Take the 2-minute tour ×
Programmers Stack Exchange is a question and answer site for professional programmers interested in conceptual questions about software development. It's 100% free, no registration required.

Bit of a workflow question.

I'm just staring with MVC and wondered how other people usually work in MVC? The 2 options I see is to code the model and controller completely first and then work on the views after. The other option is to code all parts at the same time.

I'm looking for what might be the quickest most efficient way to code in MVC? We don't have inhouse designers or designated jobs so everyone does the same tasks (coding, designing, testing, db, etc).

Thanks!

share|improve this question
    
Thin or fat models? –  Yannis Rizos Mar 5 '13 at 11:10

2 Answers 2

up vote 1 down vote accepted

There's a third option, start by writing your tests. It's the better option, and it's not specific to MVC. If you do start by writing tests, then the next step depends on your approach to MVC:

  • Fat controllers / skinny models

    Your controllers do all the heavy lifting, while your models are essentially POPOs, tasked with maintaining state between requests.

  • Skinny controllers / fat models

    Your controllers are limited to passing stuff around, most (if not all) of your business logic lives in your models.

CodeIgniter favours the first approach but it doesn't restrict you from the latter one. It's completely up to you which one you'll follow, personally I'd strongly suggest the second approach, simply because with fat models you'll get the chance to test your business logic very early in the development cycle.

With skinny models, you'll have to build both your controllers and your models before you'll be able to test your business logic, and that's not particularly efficient. Your business logic is the more important part of your application, I think it's obvious that the sooner you build and test it, the better.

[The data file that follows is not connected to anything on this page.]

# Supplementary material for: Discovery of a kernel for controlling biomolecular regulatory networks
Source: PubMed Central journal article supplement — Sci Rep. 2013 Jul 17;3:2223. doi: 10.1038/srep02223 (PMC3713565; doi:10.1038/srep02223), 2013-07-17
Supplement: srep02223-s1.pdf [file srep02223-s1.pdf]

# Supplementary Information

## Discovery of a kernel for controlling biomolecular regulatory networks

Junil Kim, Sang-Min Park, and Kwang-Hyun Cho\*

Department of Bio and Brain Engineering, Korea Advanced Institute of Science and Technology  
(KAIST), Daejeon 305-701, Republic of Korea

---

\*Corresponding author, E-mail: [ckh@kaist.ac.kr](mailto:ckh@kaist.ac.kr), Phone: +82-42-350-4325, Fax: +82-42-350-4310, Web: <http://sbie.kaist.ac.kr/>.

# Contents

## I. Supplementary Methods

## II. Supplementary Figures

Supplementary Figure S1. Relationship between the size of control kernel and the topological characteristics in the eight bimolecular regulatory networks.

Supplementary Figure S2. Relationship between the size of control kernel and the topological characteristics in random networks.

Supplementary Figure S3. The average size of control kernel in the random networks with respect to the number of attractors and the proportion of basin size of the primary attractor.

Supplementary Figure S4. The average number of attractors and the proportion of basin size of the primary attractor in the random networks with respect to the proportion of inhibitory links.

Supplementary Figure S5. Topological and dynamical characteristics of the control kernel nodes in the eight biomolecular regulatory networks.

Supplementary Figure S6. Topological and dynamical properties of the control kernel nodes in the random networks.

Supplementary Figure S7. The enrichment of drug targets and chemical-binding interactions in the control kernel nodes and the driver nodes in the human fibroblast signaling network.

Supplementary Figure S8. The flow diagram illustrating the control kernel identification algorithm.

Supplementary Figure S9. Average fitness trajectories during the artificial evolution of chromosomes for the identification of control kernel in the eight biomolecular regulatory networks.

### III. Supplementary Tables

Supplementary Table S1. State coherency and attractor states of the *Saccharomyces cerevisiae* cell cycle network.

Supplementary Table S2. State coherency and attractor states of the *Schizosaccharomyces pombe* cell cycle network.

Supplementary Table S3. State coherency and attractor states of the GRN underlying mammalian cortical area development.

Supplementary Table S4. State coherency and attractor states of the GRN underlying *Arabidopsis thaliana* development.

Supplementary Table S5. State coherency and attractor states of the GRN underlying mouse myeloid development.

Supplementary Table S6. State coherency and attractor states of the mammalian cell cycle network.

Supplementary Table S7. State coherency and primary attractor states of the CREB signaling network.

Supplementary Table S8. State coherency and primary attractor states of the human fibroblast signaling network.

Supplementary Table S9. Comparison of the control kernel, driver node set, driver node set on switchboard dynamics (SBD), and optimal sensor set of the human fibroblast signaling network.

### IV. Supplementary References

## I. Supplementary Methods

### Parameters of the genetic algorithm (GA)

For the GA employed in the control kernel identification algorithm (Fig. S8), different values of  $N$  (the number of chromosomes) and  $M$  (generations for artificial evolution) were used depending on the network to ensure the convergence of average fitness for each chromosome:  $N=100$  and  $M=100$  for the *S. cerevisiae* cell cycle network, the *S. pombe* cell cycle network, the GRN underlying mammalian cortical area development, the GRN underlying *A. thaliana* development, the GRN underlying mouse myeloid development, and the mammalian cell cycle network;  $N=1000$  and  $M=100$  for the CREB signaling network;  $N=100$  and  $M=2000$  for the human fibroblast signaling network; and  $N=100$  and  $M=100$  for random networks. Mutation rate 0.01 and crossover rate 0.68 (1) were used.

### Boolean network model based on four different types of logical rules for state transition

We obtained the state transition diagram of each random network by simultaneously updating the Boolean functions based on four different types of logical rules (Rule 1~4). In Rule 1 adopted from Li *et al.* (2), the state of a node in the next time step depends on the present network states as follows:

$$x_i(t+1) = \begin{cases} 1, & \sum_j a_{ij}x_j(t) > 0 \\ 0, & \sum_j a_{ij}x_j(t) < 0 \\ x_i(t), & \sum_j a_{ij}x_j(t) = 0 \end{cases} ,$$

To summarize, my workflow is:

  1. Write the business logic tests,
  2. Write the models that would satisfy those tests,
  3. Pretend I practice TDD for everything else,
  4. Write the controllers and views.

Further reading:

share|improve this answer
  • Work in the controller - get things working - then push the methods to the model, then refactor in the model, then push to more then one model if necessary.

  • Most of the CI experts I've read recommended 'skinny' model. another reason to do this is the idea of pushing the specific implementation details down. The controller should be as abstract as possible.
    For example to do a form a validation - the controller says - 'validate this form' It does not need to know anything about the form. So then when your form changes, you go straight to the model that works with it.

  • One way to design is for the specific user role - Editor, Admin, Purchaser, etc - the person who is using the application at that moment. So then if you discover your classes are serving very different users (or use cases) - that's a sign they could be difficult to change in the future.

  • DRY is useless if a new developer can't read the code and understand what is going on. keep things simple and avoid the temptation to mash everything together in one method just because you can. (it updates! it inserts! it slices! it dices! its a maintenance nightmare!)

  • Learning Object oriented programming is not language dependent. Some of the best books and tutorials on OOP are in Java. Does not matter because the basic concepts are very similar. It's also not a hot new thing where you have to get the latest book - there are great OOP books that were written a few years ago.

share|improve this answer

Your Answer

 
discard

By posting your answer, you agree to the privacy policy and terms of service.

Not the answer you're looking for? Browse other questions tagged or ask your own question.